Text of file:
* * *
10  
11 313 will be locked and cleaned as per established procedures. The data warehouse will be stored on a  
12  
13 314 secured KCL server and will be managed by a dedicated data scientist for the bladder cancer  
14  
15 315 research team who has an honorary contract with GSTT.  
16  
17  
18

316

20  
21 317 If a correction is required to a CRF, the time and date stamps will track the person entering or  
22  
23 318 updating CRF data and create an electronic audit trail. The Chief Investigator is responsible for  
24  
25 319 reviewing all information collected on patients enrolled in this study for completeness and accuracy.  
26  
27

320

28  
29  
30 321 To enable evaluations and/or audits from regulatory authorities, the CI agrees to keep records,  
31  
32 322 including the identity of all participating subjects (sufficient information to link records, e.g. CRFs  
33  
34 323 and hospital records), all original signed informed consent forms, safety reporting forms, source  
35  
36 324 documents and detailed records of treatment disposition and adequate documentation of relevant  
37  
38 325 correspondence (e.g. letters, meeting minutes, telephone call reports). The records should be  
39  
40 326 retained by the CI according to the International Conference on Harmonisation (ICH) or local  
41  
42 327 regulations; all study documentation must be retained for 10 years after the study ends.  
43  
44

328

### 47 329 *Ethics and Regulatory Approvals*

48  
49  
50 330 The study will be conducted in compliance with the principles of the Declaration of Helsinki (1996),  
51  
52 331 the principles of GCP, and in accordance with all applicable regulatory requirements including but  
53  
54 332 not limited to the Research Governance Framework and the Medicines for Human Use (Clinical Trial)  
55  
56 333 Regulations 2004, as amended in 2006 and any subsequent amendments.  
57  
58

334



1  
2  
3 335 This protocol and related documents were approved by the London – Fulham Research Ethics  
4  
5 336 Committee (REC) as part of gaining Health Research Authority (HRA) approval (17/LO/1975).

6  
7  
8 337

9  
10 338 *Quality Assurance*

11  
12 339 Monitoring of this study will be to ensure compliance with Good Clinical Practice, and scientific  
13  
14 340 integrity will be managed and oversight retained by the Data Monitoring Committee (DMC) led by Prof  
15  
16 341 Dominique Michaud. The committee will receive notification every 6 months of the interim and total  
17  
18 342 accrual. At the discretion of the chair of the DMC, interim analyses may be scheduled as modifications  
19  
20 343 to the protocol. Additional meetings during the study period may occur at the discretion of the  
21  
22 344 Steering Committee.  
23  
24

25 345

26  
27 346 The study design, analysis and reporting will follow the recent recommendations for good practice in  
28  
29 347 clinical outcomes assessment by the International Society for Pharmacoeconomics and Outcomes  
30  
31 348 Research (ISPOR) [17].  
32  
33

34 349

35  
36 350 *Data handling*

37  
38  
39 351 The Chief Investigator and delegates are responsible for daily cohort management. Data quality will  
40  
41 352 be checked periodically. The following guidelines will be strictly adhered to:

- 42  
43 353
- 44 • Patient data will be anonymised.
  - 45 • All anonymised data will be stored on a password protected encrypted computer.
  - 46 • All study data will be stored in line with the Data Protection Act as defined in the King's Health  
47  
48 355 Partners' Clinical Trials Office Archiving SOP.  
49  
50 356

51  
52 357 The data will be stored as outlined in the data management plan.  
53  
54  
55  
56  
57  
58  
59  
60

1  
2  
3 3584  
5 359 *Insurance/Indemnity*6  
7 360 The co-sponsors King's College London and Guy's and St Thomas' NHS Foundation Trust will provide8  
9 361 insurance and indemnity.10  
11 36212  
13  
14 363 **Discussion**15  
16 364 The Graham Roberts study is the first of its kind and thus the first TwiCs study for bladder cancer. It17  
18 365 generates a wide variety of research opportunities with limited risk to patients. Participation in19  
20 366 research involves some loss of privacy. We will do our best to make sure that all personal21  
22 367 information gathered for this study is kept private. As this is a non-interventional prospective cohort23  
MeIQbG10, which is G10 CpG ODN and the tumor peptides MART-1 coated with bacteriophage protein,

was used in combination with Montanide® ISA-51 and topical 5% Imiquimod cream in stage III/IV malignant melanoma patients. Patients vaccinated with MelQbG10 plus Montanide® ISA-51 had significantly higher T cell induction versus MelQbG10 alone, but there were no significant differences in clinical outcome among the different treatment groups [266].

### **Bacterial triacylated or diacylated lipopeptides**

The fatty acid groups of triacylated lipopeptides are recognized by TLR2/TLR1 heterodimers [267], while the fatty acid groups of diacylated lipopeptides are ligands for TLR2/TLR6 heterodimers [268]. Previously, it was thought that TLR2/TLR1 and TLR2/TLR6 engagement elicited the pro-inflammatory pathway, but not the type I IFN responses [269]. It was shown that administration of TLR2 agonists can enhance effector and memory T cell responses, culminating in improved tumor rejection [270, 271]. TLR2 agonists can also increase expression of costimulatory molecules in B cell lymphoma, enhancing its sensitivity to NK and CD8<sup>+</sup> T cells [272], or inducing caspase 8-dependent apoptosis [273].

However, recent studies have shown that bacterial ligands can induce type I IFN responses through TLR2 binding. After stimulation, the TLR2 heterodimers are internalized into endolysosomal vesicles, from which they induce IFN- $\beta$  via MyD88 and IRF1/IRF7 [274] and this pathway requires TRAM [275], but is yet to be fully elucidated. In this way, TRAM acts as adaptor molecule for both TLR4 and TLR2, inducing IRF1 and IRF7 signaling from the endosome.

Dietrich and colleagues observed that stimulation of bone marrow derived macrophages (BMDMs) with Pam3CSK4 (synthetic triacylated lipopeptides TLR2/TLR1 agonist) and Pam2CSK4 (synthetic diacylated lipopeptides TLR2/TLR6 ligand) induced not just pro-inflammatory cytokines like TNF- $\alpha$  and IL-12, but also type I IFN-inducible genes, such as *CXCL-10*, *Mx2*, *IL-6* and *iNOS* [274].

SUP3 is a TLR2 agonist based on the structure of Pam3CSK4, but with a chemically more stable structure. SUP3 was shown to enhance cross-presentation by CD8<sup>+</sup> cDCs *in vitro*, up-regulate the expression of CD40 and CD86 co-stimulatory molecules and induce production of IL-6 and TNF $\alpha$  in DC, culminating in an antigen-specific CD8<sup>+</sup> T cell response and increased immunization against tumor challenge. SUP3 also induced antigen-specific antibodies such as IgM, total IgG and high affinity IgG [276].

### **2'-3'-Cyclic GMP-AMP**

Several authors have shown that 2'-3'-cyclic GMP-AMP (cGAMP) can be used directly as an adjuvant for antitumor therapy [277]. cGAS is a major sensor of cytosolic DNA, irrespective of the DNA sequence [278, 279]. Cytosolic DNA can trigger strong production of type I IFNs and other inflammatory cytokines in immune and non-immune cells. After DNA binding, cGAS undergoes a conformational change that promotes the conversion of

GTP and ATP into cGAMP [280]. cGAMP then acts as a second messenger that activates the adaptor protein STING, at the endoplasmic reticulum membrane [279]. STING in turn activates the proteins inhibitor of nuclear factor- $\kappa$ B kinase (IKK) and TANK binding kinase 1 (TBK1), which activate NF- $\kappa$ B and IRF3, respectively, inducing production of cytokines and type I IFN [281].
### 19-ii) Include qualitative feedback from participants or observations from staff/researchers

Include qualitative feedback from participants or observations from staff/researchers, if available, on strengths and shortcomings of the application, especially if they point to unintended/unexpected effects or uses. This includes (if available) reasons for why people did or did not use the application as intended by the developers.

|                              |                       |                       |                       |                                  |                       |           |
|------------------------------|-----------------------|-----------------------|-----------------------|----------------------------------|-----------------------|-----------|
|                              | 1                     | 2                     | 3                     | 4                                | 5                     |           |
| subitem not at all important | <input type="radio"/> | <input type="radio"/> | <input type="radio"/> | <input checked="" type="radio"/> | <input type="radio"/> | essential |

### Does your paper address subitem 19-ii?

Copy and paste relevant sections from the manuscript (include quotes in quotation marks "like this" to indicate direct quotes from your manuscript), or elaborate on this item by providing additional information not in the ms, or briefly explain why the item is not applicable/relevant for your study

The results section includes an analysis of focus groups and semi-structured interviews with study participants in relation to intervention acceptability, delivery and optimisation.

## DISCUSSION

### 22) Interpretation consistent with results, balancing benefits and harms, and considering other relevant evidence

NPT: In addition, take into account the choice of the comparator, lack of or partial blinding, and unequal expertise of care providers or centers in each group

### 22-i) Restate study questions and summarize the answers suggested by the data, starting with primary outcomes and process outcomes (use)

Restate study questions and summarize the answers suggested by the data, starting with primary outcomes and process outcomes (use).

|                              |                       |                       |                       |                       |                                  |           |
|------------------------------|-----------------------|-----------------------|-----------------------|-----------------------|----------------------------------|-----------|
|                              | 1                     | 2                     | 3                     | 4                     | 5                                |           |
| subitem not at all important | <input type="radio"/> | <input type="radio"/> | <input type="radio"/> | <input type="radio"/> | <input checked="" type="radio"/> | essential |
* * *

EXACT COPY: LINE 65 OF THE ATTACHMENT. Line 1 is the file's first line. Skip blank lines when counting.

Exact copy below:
15  